Say for example that Andrew, from NL, makes $42,885 / year with a $10k contribution for 2008.  Looking up his marginal tax rate, the amount earned above $37,885 will face 35.3% tax.  Amounts from $37,885 to $30,215 will face 28.3% tax.

If Andrew were to claim the whole RRSP contribution this year, it would result in a tax return of ($5,000×35.3%) + ($5,000×28.3%) = $3,130.  However, if he were to carry forward $5,000, then he would get an extra $350 back on his contribution (or 7% more) on his $5,000.

The caveat being that you need to account for the time value of money before using this strategy.  Basically, the tax savings from waiting a year should beat any potential gains you would have made by investing/saving the money.  Another thing to note is that sometimes the spread between tax brackets is small which makes this strategy not as effective.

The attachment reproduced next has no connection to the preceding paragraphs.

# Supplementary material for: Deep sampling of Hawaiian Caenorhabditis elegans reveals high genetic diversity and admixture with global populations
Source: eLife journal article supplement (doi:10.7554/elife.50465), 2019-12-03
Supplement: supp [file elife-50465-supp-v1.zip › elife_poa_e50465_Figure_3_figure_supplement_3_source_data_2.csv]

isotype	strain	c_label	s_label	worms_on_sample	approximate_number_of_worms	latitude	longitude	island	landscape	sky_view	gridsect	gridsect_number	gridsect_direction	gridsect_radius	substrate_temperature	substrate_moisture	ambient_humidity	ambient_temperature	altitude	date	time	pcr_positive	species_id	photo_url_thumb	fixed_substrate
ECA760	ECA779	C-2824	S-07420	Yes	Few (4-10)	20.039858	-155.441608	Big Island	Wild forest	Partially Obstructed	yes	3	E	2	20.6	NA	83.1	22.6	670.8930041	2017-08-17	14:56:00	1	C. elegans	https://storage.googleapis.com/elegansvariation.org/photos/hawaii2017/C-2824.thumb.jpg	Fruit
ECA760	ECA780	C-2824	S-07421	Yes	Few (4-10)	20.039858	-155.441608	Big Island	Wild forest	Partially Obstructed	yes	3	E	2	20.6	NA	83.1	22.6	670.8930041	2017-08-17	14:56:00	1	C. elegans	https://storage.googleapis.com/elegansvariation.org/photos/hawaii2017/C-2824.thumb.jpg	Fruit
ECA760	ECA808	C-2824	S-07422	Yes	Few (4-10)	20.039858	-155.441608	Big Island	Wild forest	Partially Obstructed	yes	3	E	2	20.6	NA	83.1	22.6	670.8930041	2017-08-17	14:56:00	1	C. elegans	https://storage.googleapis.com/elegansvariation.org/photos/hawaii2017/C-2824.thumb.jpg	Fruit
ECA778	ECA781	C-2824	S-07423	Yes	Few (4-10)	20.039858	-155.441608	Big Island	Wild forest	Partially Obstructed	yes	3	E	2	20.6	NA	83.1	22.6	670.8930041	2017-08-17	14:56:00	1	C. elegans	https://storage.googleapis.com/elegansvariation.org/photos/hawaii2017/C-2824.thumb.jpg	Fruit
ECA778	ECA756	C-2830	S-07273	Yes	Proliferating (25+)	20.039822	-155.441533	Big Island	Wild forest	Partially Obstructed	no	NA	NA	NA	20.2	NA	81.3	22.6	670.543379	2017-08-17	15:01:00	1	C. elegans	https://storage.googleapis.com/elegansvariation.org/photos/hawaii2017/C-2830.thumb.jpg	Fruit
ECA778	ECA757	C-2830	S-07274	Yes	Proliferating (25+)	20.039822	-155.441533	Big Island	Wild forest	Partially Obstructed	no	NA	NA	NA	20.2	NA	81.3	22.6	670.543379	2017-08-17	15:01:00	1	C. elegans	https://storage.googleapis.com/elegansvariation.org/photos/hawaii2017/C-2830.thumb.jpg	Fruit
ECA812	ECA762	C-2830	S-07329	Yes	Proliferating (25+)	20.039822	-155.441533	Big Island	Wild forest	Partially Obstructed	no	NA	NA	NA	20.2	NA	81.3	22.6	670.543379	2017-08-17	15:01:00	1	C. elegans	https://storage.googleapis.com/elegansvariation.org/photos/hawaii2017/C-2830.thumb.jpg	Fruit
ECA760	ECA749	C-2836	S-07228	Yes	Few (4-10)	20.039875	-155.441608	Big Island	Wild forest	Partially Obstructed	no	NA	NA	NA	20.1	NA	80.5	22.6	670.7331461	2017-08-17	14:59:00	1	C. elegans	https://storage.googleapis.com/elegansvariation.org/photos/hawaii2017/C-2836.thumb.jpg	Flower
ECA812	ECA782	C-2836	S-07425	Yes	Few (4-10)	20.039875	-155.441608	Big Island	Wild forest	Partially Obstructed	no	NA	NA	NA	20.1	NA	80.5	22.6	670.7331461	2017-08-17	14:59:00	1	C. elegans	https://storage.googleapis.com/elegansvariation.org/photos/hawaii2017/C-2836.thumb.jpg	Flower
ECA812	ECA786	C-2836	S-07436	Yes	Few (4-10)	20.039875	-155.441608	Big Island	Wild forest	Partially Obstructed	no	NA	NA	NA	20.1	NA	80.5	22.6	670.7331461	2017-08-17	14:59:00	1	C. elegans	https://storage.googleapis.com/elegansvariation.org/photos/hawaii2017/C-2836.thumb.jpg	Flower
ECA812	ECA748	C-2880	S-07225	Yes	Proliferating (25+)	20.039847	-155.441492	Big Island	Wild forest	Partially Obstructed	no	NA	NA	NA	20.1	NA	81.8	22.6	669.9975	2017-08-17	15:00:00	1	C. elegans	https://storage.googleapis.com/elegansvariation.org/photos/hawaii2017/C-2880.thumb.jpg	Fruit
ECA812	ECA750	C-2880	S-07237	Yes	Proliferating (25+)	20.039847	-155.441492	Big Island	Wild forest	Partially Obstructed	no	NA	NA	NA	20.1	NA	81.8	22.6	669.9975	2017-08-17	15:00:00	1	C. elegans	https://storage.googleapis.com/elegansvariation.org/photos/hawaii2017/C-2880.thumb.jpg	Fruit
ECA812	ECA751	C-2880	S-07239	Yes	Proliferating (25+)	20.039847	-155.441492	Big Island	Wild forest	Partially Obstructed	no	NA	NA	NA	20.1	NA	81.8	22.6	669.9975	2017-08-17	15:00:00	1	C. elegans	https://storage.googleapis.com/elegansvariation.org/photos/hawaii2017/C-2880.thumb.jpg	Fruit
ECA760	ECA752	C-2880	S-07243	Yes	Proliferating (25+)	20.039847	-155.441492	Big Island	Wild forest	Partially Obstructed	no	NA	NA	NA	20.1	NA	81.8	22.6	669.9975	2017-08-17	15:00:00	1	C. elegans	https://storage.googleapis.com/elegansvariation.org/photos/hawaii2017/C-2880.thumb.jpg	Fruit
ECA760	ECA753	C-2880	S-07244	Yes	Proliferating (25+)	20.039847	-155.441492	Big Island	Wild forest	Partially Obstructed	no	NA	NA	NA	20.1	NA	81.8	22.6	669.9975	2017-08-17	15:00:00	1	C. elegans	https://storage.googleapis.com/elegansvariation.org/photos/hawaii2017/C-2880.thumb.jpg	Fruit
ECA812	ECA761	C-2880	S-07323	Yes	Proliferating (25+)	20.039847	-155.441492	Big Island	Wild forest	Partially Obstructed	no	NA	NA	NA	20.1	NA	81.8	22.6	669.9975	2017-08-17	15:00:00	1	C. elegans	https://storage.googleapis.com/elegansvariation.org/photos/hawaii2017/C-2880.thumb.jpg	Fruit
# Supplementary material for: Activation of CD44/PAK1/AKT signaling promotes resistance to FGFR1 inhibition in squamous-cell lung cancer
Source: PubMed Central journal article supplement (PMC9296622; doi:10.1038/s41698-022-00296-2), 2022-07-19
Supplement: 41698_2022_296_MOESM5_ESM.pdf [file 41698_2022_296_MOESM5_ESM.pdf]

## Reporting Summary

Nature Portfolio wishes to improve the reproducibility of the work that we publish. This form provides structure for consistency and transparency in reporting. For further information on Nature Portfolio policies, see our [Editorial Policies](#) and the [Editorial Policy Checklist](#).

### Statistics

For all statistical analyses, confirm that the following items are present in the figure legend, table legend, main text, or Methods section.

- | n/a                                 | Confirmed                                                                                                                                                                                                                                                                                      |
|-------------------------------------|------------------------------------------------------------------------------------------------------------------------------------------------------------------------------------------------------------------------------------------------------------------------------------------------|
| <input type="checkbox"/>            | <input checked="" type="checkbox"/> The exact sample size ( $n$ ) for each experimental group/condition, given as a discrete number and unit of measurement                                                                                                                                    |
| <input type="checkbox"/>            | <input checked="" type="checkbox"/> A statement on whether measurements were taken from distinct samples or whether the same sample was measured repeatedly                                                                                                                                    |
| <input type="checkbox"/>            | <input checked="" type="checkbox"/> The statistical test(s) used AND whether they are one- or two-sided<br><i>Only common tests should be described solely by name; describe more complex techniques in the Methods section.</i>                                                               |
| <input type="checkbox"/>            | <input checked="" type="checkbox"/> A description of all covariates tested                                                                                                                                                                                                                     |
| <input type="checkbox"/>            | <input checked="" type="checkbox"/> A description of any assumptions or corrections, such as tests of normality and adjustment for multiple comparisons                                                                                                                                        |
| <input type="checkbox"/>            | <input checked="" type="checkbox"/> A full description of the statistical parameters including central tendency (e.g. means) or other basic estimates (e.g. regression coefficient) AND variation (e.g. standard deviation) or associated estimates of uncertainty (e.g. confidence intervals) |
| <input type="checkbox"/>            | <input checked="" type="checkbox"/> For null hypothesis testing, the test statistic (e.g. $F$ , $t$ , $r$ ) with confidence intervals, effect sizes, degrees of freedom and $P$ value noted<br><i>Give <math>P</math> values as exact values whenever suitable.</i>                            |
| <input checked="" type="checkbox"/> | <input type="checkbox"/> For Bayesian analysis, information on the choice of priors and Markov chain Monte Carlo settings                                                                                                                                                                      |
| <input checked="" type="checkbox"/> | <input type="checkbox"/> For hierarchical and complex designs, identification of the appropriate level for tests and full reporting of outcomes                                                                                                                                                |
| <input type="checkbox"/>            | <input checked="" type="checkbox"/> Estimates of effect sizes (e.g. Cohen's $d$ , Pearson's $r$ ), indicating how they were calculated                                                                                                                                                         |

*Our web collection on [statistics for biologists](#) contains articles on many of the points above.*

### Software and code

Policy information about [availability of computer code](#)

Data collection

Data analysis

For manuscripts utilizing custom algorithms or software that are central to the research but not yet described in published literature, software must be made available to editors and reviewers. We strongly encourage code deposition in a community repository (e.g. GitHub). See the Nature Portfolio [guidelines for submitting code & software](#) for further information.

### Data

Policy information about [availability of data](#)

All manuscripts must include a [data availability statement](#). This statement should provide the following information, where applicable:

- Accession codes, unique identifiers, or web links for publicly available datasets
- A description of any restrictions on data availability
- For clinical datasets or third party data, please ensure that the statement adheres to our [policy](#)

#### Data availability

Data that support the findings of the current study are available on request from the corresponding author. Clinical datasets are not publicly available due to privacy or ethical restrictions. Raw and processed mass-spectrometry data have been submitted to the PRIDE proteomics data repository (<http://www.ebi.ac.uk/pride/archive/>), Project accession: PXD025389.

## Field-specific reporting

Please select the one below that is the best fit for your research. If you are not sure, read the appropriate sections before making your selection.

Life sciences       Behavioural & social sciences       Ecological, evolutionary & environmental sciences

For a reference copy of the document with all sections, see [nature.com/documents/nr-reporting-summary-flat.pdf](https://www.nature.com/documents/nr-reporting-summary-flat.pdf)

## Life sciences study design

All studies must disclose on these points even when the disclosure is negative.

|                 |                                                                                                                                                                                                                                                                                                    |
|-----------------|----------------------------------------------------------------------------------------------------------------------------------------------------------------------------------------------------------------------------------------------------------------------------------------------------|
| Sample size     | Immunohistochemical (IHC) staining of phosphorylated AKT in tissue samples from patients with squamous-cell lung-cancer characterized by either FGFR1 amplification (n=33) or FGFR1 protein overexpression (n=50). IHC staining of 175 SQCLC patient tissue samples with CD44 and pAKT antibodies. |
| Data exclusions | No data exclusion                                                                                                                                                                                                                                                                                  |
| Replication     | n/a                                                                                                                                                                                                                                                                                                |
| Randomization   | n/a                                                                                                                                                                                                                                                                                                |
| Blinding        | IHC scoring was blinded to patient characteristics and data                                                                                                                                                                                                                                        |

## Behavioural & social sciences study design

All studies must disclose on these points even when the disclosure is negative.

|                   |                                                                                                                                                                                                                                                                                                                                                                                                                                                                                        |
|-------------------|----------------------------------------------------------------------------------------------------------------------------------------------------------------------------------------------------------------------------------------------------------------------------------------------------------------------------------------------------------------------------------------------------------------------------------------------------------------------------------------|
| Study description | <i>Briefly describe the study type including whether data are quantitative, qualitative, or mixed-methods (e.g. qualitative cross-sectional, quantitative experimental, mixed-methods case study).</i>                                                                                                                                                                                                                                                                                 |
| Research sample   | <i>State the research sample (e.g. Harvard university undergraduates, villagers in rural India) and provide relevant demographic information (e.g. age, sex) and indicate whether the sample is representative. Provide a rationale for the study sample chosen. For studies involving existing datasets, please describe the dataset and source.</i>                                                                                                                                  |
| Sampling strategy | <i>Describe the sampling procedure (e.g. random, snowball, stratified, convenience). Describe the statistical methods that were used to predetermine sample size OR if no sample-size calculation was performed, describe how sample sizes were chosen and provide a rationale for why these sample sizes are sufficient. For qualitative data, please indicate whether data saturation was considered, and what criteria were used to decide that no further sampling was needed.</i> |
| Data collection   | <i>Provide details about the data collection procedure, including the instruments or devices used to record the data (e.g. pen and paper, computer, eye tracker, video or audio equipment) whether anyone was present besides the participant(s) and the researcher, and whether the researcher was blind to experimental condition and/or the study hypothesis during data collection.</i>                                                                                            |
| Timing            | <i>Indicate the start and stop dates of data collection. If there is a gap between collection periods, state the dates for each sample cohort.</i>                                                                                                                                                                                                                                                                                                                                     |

Final Thoughts

Although carrying forward your RRSP tax deduction may not be for everyone, it works great for those who have a large RRSP contribution and would end up dropping down a significant tax bracket if the total contribution was claim in that year.  It also works well in reverse.  That is, if you expect to jump tax brackets due to increased income in future years.

As I mentioned above, if you only end up saving a couple percentage points, then it may not be worth your while to carry your tax deduction forward.  You’ll have to decide for yourself whether or not your situation warrants carrying forward the RRSP tax deduction.

Do you use a similar strategy?  Or do you simply claim your whole RRSP contribution every year?